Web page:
July-August 2002
Palais des Nations

Franciscans International, Caritas Internationalis and Dominicans for Justice and Peace share the view of the Sub-Commission Working Group on Contemporary Forms of Slavery that slavery, in all its forms "including human trafficking"is a crime against humanity and that any acquiescence by a State in such practices, irrespective of whether, it has acceded to the conventions on slavery or any other relevant treaty, constitutes a grave violation of basic human rights.

Human trafficking is indeed a global phenomenon. From Asia to Central and Eastern Europe, from Latin America to Africa, traffickers recruit victims, who, like commodities, are smuggled across borders, sold and then exploited very often under the threat of violence. Many of them end up coerced into forced labor, sexual exploitation or bonded labor.

As the UN Secretary - General has indicated in his message to the International Summit on Human Trafficking, Child Abuse, Labor and Slavery (Abuja, 2-4 August 2002), “trafficking in persons is fuelled by poverty, unemployment and disruption of traditional livelihoods, as well as by economic disparities among countries and between women and men. It has become the fastest-growing business of organized crime, and many drug traffickers have switched to it because it is more lucrative and relatively risk-free”.

The Protocol to Prevent, Suppress and Punish Trafficking in Persons, Especially Women and Children, supplementing the UN Convention Against Transnational Organized Crime has now been signed by over 100 States. This is encouraging, but all States must work for universal ratification and the full implementation of all articles of the Protocol.

Specifically, the Protocol’s clear definition of trafficking should be incorporated into domestic legislation along with Articles 6, 7 and 8 of the Protocol, which deal with the provision of protection and support to victims of trafficking. In practice, many victims of trafficking continue to be detained, criminalized, summarily deported and exposed to serious harm because of a failure by States to identify them correctly and provide them with the advice and support services they require. In particular, all trafficked persons should be given the right to remain temporarily or permanently in the State to which they have been trafficked when there is a risk that they will suffer further human rights violations if removed. The needs of child victims of trafficking should be given special attention and the best interests of the child must be the paramount consideration in all cases.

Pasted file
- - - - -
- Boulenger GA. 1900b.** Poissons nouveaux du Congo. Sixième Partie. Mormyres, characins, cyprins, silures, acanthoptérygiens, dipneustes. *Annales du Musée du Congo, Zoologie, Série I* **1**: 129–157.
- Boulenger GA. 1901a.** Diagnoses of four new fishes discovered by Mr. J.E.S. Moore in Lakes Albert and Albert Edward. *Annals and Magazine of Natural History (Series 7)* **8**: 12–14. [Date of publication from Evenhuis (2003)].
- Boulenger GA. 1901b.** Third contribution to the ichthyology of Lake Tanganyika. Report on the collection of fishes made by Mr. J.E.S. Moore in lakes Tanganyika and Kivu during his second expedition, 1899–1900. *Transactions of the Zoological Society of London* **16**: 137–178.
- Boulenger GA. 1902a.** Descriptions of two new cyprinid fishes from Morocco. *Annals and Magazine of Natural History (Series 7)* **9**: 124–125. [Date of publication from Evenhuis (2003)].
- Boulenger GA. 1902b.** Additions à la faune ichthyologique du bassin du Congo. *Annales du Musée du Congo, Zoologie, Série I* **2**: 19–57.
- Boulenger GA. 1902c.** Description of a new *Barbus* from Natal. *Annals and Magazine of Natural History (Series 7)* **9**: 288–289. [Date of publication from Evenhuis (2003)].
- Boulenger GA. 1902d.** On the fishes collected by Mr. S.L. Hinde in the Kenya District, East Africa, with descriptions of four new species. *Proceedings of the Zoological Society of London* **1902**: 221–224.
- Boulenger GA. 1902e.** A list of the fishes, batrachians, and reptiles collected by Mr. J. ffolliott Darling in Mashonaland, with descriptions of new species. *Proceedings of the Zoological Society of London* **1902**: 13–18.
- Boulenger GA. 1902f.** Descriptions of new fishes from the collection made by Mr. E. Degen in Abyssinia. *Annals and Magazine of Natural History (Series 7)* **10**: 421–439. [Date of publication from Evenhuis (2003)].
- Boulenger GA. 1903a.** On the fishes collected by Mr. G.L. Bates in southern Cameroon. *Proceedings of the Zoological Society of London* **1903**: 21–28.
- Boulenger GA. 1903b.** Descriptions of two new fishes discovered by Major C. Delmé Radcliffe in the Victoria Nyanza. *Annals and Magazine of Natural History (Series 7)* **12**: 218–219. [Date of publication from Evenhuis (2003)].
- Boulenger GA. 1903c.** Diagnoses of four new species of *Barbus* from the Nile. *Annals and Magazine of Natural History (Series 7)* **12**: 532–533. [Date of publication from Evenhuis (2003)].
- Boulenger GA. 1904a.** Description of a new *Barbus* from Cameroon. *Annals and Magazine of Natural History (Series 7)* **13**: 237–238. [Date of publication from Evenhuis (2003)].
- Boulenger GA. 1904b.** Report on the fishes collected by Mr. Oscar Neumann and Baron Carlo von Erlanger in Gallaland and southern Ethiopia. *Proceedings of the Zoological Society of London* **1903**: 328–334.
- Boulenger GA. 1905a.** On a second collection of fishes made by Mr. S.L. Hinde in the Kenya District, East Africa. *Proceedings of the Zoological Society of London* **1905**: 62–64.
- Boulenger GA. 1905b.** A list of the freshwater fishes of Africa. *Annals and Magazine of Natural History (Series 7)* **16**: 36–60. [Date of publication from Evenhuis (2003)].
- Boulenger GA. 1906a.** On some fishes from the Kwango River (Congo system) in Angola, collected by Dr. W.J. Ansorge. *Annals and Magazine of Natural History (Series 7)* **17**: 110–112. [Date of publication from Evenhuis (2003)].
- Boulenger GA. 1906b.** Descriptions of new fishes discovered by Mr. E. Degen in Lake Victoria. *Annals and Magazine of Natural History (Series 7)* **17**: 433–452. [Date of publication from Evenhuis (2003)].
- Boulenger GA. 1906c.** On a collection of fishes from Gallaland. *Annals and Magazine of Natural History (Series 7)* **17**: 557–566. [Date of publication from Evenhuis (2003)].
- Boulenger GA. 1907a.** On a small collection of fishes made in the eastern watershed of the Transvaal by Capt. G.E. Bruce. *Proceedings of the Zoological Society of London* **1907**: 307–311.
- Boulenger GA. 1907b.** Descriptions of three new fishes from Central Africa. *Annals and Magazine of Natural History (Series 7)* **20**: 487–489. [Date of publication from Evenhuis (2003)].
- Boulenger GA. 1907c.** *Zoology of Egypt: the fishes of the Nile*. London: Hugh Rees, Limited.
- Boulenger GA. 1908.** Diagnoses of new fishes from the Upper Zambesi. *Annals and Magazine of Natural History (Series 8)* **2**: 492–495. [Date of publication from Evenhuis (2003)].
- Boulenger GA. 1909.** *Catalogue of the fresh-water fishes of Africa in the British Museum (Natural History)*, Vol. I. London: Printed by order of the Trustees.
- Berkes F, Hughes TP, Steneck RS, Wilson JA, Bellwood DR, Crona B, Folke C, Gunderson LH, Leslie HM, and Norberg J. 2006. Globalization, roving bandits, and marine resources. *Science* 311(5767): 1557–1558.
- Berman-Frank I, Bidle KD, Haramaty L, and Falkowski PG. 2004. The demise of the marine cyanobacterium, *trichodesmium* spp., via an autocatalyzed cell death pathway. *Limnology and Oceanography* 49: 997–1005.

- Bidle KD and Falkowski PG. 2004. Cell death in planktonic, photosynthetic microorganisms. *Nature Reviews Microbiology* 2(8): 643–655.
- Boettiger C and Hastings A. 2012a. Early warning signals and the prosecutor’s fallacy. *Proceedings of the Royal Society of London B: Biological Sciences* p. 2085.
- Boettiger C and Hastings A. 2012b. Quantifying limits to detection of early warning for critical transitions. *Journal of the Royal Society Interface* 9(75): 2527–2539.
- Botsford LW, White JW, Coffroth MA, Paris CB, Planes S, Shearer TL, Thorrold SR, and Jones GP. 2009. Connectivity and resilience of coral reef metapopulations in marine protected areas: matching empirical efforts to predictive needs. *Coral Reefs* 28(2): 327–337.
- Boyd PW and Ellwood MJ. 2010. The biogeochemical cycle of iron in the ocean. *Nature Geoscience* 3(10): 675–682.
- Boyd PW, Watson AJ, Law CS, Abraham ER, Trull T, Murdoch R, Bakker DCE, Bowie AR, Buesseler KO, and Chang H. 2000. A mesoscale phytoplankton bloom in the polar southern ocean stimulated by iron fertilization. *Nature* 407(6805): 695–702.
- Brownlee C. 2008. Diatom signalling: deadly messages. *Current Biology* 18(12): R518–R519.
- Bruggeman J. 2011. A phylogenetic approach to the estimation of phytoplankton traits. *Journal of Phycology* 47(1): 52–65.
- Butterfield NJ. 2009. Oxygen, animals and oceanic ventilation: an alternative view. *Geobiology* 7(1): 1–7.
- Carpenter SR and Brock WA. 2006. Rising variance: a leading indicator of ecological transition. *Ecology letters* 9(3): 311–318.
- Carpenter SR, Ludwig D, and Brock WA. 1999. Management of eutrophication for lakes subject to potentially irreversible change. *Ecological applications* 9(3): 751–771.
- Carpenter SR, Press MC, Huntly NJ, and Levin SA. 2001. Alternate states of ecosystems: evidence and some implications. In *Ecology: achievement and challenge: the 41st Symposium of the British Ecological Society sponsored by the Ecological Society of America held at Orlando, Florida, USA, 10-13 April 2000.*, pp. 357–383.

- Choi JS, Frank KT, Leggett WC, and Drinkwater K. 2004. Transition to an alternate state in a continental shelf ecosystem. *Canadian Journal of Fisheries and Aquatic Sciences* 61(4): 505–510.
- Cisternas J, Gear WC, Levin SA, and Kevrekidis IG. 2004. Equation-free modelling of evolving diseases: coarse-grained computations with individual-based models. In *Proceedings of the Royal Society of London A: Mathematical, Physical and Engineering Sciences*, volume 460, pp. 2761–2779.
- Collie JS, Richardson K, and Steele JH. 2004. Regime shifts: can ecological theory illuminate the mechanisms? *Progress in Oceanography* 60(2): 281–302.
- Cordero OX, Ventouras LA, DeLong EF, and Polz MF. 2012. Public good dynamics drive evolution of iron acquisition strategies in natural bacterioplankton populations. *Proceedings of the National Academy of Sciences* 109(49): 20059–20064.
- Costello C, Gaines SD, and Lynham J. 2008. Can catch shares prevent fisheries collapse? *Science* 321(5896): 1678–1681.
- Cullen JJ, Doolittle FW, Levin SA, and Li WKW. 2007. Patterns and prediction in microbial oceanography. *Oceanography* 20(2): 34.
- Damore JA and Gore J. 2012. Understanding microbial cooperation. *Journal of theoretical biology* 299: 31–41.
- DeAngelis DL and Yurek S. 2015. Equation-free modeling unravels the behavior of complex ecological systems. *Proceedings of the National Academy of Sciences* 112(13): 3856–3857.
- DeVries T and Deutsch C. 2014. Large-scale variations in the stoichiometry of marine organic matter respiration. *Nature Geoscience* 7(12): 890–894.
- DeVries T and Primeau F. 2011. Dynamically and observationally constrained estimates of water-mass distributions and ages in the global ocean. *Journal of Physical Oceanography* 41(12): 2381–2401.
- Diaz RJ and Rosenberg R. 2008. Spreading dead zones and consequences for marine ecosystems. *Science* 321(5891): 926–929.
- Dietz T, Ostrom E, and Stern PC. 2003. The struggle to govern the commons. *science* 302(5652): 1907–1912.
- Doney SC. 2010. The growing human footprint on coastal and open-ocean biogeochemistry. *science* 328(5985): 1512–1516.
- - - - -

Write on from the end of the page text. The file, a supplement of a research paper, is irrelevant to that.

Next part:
In its future sessions, the Working Group on Contemporary Forms of Slavery might consider to facilitate a dialogue among different actors in order to encourage States to recognize the existence of human trafficking, include this issue in their national agenda and ease quality research to clarify facts and figures inherent to human trafficking. In addition, the Working Group can help States to adopt consistent national anti-trafficking legislation aimed at:

  • penalizing the criminals (trafficking networks and the demand side while avoiding criminalization of the victims),
  • assisting and protecting the victims,
  • providing safe return in the country of origin or guaranteeing the possibility to stay in the country into which the person was trafficked,
  • ensuring equality between men and women,
  • raising awareness (e.g. education at all levels, sharing information among all actors involved, capacity building for personnel working with victims).

Franciscans International, Caritas Internationalis and Dominicans for Justice and Peace would like to recommend that the Sub-Commission:

  1. Urges States which have not yet done so to sign and ratify the Protocol to Prevent, Suppress and Punish Trafficking in Persons, Especially Women and Children, supplementing the UN Convention against Transnational Organized.
  2. Also urges States which have not yet done so to sign and ratify the Convention on the Elimination of All Forms of Discrimination against Women and its Optional Protocol, the Convention on the Rights of the Child and its Optional Protocol on sale of children, child prostitution and child pornography and the 1999 ILO Convention concerning the prohibition and immediate action for the elimination of the worst forms of child labor (No 182).
  3. Calls upon States to recognize that human trafficking is a gross violation of human rights and fundamental freedoms and, hence, to adopt a human rights approach to understand, prevent, detect and punish it.
  4. Calls upon governments to criminalize trafficking in human beings in all its forms and to condemn and penalize traffickers and intermediaries, while ensuring protection and assistance to the victims of trafficking with full respect for their human rights and not contingent on their cooperation with the prosecution of their exploiters.
  5. Urges States to devise, enforce and strengthen effective measures at the national regional and international levels to prevent, combat and eliminate all forms of trafficking through comprehensive anti-trafficking strategies which include legislative measures, prevention campaigns and information exchange.
  6. Urges governments to adopt or strengthen legislative and other measures, such as educational, social or cultural, including through bilateral and multilateral cooperation, to discourage the demand that fosters all forms of exploitation of persons that leads to human trafficking.
  7. Also urges States to allocate resources, as appropriate, to provide comprehensive programs designed to provide assistance to, protection for, healing reintegration into society and rehabilitation of victims.
Oral, Written or Summary: 
Meeting: 

sc02

UN Sub-Commission on Human Rights: Fifty-fourth session :
Meeting Year: 
2002
Meeting Name: 
UN Sub-Commission on Human Rights: Fifty-fourth session :